Lawyers for the House of Representatives want time to argue for lawmakers' institutional interests when a federal appeals court hears a case related to alleged corruption.
The U.S. Court of Appeals for the 9th Circuit is scheduled to hear argument Feb. 18 in the case of former Rep. Rick Renzi (R-Ariz.). Renzi was indicted in 2008 on charges that he extorted money from companies that needed help getting congressional approval for land deals, but his lawyers from Steptoe & Johnson say the government, while collecting evidence, violated the Constitution’s protection of legislative “speech or debate.” The case hasn’t gone to trial yet.
Kerry Kircher, the House’s general counsel, writes in a court filing today that the House itself should have some time at oral argument at the San Francisco-based court. He’s requesting the time to argue that the “speech or debate” clause provides for a “non-disclosure privilege” — meaning that investigators should be required to obtain congressional approval before they’re allowed to access certain information related to legislation.
That proposition is controversial because, as some critics argue, it would make executing a wiretap against a member of Congress or collecting evidence in other ways much more difficult. In the widely publicized case of former Rep. William Jefferson (D-La.), the D.C. Circuit ruled in 2007 that there is such a “non-disclosure privilege” and that the executive branch violated it while raiding Jefferson’s congressional office.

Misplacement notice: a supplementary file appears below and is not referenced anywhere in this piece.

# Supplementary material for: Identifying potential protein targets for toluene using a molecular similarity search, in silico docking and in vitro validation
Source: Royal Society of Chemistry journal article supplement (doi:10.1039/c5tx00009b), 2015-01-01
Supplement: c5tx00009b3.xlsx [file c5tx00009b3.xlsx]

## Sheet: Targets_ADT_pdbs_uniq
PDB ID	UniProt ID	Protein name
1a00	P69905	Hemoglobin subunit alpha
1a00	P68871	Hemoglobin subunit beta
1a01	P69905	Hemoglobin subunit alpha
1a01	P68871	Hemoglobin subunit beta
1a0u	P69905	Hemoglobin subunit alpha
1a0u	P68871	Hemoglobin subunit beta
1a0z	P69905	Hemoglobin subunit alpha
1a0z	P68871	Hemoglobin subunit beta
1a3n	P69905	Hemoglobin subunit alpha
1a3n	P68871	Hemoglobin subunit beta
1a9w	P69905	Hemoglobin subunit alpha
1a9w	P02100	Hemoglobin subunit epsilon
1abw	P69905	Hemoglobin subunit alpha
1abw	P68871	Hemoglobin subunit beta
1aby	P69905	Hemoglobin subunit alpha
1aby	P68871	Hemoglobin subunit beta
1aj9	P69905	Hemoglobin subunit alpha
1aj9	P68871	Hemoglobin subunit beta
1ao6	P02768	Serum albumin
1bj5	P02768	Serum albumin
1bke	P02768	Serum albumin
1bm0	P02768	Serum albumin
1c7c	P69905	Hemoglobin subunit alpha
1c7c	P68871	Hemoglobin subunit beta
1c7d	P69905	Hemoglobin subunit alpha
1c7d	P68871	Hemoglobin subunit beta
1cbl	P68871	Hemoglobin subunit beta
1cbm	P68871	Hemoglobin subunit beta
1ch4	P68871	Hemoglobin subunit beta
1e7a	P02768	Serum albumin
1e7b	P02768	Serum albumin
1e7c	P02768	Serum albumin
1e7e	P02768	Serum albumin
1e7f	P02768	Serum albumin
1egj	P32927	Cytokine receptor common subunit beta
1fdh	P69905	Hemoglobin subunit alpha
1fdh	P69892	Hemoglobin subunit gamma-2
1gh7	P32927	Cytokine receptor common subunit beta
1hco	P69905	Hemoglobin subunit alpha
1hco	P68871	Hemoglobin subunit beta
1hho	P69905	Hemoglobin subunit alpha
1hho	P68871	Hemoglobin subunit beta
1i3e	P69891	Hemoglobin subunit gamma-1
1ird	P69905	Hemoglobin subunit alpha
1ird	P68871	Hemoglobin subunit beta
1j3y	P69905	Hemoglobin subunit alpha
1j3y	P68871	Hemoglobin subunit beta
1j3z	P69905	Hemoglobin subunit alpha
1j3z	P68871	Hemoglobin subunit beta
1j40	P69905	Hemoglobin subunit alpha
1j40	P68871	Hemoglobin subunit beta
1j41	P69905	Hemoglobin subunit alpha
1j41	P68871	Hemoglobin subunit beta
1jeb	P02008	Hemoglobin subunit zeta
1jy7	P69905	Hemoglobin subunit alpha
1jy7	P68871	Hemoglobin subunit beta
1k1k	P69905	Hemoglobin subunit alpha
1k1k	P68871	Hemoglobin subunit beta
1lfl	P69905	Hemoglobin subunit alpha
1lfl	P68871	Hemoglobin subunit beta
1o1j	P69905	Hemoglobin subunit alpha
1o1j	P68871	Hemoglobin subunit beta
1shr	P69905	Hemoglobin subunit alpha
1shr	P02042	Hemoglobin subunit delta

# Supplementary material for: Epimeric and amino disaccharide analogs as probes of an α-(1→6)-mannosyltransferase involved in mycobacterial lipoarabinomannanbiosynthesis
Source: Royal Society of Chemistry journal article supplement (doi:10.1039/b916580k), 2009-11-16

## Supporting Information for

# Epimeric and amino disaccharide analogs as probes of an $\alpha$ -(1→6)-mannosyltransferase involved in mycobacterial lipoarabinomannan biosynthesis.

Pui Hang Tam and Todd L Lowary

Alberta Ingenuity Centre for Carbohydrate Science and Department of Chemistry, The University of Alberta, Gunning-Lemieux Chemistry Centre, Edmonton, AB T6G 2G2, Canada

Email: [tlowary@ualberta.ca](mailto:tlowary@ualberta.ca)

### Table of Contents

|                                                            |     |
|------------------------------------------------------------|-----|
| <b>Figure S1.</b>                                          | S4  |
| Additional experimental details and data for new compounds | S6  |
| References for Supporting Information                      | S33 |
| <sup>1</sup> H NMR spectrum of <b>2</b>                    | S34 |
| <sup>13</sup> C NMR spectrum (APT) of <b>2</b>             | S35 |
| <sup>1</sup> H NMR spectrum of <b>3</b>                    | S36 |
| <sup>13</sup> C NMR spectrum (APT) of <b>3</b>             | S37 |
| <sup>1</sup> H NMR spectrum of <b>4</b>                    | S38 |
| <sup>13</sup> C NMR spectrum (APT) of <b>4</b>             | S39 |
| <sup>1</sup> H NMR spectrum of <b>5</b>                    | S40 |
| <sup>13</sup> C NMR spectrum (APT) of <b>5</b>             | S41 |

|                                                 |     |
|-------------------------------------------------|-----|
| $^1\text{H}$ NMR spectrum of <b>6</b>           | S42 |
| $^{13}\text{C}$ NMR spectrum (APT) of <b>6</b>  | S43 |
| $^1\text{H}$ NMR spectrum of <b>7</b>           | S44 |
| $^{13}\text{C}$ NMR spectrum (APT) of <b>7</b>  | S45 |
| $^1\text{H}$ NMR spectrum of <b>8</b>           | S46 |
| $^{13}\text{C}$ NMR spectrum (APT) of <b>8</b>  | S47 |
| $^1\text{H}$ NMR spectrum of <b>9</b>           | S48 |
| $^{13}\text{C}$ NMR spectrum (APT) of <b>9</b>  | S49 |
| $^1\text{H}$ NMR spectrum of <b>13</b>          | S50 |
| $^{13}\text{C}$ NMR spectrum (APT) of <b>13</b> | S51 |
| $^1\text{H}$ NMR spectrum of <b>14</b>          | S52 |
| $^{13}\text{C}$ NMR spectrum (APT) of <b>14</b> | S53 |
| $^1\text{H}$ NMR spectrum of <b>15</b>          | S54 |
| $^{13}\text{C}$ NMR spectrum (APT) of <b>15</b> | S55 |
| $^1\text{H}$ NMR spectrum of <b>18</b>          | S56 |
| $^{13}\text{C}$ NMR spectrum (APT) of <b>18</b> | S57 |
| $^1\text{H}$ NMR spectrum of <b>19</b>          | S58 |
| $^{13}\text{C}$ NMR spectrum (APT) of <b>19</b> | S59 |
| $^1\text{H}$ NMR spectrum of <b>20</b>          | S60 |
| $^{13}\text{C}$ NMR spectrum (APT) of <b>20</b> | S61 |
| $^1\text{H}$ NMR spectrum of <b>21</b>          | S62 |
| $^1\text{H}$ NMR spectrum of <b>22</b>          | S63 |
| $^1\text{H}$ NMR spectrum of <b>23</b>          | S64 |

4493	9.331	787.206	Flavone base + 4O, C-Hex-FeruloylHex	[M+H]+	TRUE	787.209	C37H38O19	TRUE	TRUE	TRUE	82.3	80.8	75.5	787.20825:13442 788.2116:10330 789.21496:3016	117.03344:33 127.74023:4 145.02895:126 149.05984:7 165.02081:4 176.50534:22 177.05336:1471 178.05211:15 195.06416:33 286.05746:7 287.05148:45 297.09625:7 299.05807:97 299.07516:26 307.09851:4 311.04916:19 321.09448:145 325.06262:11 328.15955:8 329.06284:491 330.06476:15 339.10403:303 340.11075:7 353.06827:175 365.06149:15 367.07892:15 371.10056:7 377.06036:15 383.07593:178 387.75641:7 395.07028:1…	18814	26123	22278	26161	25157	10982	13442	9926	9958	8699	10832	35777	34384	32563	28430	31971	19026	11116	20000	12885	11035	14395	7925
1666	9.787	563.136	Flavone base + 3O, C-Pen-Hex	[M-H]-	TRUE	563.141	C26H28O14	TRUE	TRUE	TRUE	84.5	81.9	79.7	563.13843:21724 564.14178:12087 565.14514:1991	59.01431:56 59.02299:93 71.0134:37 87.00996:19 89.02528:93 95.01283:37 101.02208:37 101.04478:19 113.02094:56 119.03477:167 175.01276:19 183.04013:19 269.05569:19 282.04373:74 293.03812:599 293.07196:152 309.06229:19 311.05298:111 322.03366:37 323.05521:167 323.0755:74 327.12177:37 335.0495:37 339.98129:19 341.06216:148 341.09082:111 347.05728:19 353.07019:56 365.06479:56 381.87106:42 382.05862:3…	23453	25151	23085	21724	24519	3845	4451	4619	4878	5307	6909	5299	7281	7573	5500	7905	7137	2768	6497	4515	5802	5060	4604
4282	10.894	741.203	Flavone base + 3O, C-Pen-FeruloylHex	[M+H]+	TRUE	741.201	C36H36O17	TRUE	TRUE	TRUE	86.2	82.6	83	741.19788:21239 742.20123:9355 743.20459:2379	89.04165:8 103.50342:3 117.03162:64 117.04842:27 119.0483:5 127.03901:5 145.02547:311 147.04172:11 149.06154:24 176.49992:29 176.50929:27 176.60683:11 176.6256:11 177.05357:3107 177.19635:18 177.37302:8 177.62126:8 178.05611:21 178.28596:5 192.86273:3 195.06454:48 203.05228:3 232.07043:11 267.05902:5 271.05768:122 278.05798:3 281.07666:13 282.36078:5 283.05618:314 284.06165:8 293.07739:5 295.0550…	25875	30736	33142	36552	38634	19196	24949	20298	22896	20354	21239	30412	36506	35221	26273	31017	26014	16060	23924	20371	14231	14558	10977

Kircher is asking that the court add 10 minutes to the allotted argument time or, failing that, that the House get five minutes from the 20 minutes that Renzi’s lawyers get. Neither the Justice Department nor Renzi’s lawyers are opposing the request, the House’s filing says.
The House’s lawyers laid out their argument in an amicus brief in June 2010, acting on behalf of the House’s bipartisan leadership.